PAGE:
What is an API? The term API stands for ‘Application Programming Interface’ and it’s something online users interact with on a daily basis, even though they can’t see it.
When you use a website, it’s made up of a few different bits;
- The front-end part is what you can see on screen
- The server is where the data sits - sometimes this is a physical storage box, but more commonly the server is in the Cloud
- You then need a way to connect the front-end to the server - this is where an API comes in.
When you use any application on your phone, the application accesses the internet and sends data to a server. The server then retrieves the data, reads it, and sends it back to your phone in a readable way. An API can be used to connect the entire website to another server, or just an isolated aspect on the web page. To put this into perspective, let’s look at some everyday examples of an API in action:
Examples of an API in action
When you shop online, often the payment part of the process is fulfilled by a third party payment gateway.
This means that when you check out of your basket, the website uses an API to call the server of the payment provider (e.g. Paypal) and you’ll complete payment through them. Even though you’ll usually remain on the same website and won’t notice anything changing, what’s happening in the background is the website calling the third party payment provider with an API.
This way, the online shop doesn’t need to create a bespoke payment service, including security, bank authorisation and Terms and Conditions. They can simply piggyback off the existing process of the third party provider, without disrupting that all important end-user’s experience.
Images and Video
When you are scrolling on Facebook and see a hilarious cat video, you’ll click the ‘play’ button and the video starts to play instantly. What you don’t see is that Facebook needs to contact the server of the video provider (using an API) to retrieve the content and allow the video to play.
Similarly, when you view an image gallery on your favourite craft beer website, the images need to load. So, when you click on the gallery, the website calls the image server to load the images so you can happily scroll through the gallery of mouthwatering beers. All thanks to the API.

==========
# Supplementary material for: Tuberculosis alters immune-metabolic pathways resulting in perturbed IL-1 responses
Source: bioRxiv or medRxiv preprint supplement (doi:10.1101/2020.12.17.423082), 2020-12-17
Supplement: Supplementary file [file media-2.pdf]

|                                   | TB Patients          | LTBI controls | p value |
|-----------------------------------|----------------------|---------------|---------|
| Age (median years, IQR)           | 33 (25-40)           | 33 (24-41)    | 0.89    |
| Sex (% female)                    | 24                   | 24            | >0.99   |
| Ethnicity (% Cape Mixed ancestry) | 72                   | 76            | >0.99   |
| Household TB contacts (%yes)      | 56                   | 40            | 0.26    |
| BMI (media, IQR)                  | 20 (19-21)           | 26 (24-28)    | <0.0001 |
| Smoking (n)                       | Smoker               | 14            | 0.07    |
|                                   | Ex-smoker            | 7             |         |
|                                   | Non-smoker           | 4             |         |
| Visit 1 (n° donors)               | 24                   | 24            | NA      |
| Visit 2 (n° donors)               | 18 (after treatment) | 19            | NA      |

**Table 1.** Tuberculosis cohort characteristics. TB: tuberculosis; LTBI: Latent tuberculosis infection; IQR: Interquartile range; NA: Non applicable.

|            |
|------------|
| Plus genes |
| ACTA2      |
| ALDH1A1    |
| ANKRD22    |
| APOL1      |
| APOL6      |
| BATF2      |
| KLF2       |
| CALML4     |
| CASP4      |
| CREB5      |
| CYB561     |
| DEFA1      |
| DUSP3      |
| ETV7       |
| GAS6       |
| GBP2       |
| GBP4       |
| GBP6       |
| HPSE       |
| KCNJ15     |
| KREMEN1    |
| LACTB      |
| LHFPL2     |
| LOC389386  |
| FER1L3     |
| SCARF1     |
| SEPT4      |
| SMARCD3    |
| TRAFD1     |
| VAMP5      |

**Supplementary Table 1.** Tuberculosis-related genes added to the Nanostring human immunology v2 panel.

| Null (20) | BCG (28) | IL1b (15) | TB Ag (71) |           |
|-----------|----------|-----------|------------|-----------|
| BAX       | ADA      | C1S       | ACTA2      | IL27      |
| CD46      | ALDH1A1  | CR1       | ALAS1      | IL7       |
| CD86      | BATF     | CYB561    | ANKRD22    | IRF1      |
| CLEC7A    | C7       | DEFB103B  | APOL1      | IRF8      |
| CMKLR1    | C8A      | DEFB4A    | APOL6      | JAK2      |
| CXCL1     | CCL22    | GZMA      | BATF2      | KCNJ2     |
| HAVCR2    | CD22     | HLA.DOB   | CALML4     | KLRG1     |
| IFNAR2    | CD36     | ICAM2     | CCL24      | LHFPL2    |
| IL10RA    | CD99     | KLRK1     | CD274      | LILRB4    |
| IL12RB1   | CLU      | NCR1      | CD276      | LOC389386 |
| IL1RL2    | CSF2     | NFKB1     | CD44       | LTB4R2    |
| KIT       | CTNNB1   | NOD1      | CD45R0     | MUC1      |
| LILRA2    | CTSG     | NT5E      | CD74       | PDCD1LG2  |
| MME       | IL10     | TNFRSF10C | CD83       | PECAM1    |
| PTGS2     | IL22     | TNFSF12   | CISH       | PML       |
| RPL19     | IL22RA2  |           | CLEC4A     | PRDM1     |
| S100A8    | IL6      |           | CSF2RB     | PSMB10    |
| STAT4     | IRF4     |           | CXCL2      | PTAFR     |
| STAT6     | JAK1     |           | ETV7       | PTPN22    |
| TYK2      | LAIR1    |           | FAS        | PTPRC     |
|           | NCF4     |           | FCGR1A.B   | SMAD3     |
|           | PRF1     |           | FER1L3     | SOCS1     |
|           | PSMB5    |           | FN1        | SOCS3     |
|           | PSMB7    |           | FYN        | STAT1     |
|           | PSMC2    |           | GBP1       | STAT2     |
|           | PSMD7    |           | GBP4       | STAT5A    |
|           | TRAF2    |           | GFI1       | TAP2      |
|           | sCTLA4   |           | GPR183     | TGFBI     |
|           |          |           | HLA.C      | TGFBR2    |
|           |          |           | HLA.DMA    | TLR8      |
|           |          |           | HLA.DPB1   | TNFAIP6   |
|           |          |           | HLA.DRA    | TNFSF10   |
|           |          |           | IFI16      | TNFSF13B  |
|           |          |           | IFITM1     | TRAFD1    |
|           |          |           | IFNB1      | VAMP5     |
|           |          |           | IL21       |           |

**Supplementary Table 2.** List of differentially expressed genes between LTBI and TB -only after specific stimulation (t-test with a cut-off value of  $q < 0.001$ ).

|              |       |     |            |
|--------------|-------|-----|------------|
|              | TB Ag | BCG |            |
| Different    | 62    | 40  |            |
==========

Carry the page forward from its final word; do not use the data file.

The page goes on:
Remember when we used to go out and do things, before lockdown? Well, whenever you visited your favourite events website, like Timeout or Ticketmaster, you would select a date range or specific date using a calendar tool.
Imagine if, every time you clicked a date, the entire web page needed to reload? This would be time consuming and frustrating for you as a user.
Instead, you can interact with the calendar and play around with dates in a fluid way. Each time you select a date, the website calls the server via an API. It might check availability or see if there is any content to present that’s relevant to that date.
You’ll see the information appear on screen instantly, but it’s the API that’s done all the hard work in the background.
How is an API created?
APIs are used so commonly that they’re almost as easy to get hold of as a pint of milk down your local Co-Op!
Developers can write an API from scratch, which is particularly useful if there’s a niche requirement or the subject matter is quite complex.
For more common website designs and application development projects, developers can even use existing APIs. If they’ve developed an API previously that matches the requirement, they can use this and then develop on top of it to add the latest requirements. Or, it’s possible to source an API that has been written by developers at other companies if they’ve made these public.
This flexibility means that developers can create or use an API in the most efficient way to suit their needs.
The benefits of an API
Back in the old days of website development (circa early nineties), whenever an end-user made a request on a website, the entire website would reload.
So if the user clicked an image or a contact button, the entire website needed to make a request to the server. It would reload a new presentation of the site with the information the user had requested.
This took time and often caused the website to overload and crash. The API solves this issue because it isolates the user’s request to the exact bit they need and only requests the information for that request.
This means the rest of the website continues performing as normal and the user’s request can be fulfilled much quicker.
API integration by Digital Detox
At Digital Detox, we provide a full stack development service to clients. When APIs are required, we’ll investigate the best API integration to provide value and useful functionality to end-users.
We’ll tailor the API to the specific user needs and existing system constraints to make sure it functions as expected, and doesn’t introduce any issues or bugs when it’s exposed to your existing platform.